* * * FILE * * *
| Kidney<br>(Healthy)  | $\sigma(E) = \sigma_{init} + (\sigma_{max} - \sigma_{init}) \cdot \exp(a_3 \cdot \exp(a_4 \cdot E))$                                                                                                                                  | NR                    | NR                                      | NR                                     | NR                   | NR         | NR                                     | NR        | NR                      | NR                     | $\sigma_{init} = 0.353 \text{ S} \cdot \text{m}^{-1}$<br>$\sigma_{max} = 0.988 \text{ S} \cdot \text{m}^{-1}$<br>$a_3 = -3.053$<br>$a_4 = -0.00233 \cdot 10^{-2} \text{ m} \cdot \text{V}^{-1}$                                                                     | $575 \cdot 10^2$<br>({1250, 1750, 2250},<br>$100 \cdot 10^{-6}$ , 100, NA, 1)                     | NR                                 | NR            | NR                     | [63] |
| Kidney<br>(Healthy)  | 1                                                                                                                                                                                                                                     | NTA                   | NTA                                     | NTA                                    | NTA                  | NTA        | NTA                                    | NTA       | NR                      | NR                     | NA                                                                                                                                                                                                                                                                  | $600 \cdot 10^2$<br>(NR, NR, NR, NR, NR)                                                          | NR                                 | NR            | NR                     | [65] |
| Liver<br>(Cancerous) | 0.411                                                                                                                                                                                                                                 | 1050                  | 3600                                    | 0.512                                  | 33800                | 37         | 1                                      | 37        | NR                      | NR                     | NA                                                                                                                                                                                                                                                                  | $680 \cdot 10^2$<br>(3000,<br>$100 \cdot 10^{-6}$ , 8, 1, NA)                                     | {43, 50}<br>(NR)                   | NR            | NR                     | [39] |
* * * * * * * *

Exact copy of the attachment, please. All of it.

| Kidney<br>(Healthy)  | $\sigma(E) = \sigma_{init} + (\sigma_{max} - \sigma_{init}) \cdot \exp(a_3 \cdot \exp(a_4 \cdot E))$                                                                                                                                  | NR                    | NR                                      | NR                                     | NR                   | NR         | NR                                     | NR        | NR                      | NR                     | $\sigma_{init} = 0.353 \text{ S} \cdot \text{m}^{-1}$<br>$\sigma_{max} = 0.988 \text{ S} \cdot \text{m}^{-1}$<br>$a_3 = -3.053$<br>$a_4 = -0.00233 \cdot 10^{-2} \text{ m} \cdot \text{V}^{-1}$                                                                     | $575 \cdot 10^2$<br>({1250, 1750, 2250},<br>$100 \cdot 10^{-6}$ , 100, NA, 1)                     | NR                                 | NR            | NR                     | [63] |
| Kidney<br>(Healthy)  | 1                                                                                                                                                                                                                                     | NTA                   | NTA                                     | NTA                                    | NTA                  | NTA        | NTA                                    | NTA       | NR                      | NR                     | NA                                                                                                                                                                                                                                                                  | $600 \cdot 10^2$<br>(NR, NR, NR, NR, NR)                                                          | NR                                 | NR            | NR                     | [65] |
| Liver<br>(Cancerous) | 0.411                                                                                                                                                                                                                                 | 1050                  | 3600                                    | 0.512                                  | 33800                | 37         | 1                                      | 37        | NR                      | NR                     | NA                                                                                                                                                                                                                                                                  | $680 \cdot 10^2$<br>(3000,<br>$100 \cdot 10^{-6}$ , 8, 1, NA)                                     | {43, 50}<br>(NR)                   | NR            | NR                     | [39] |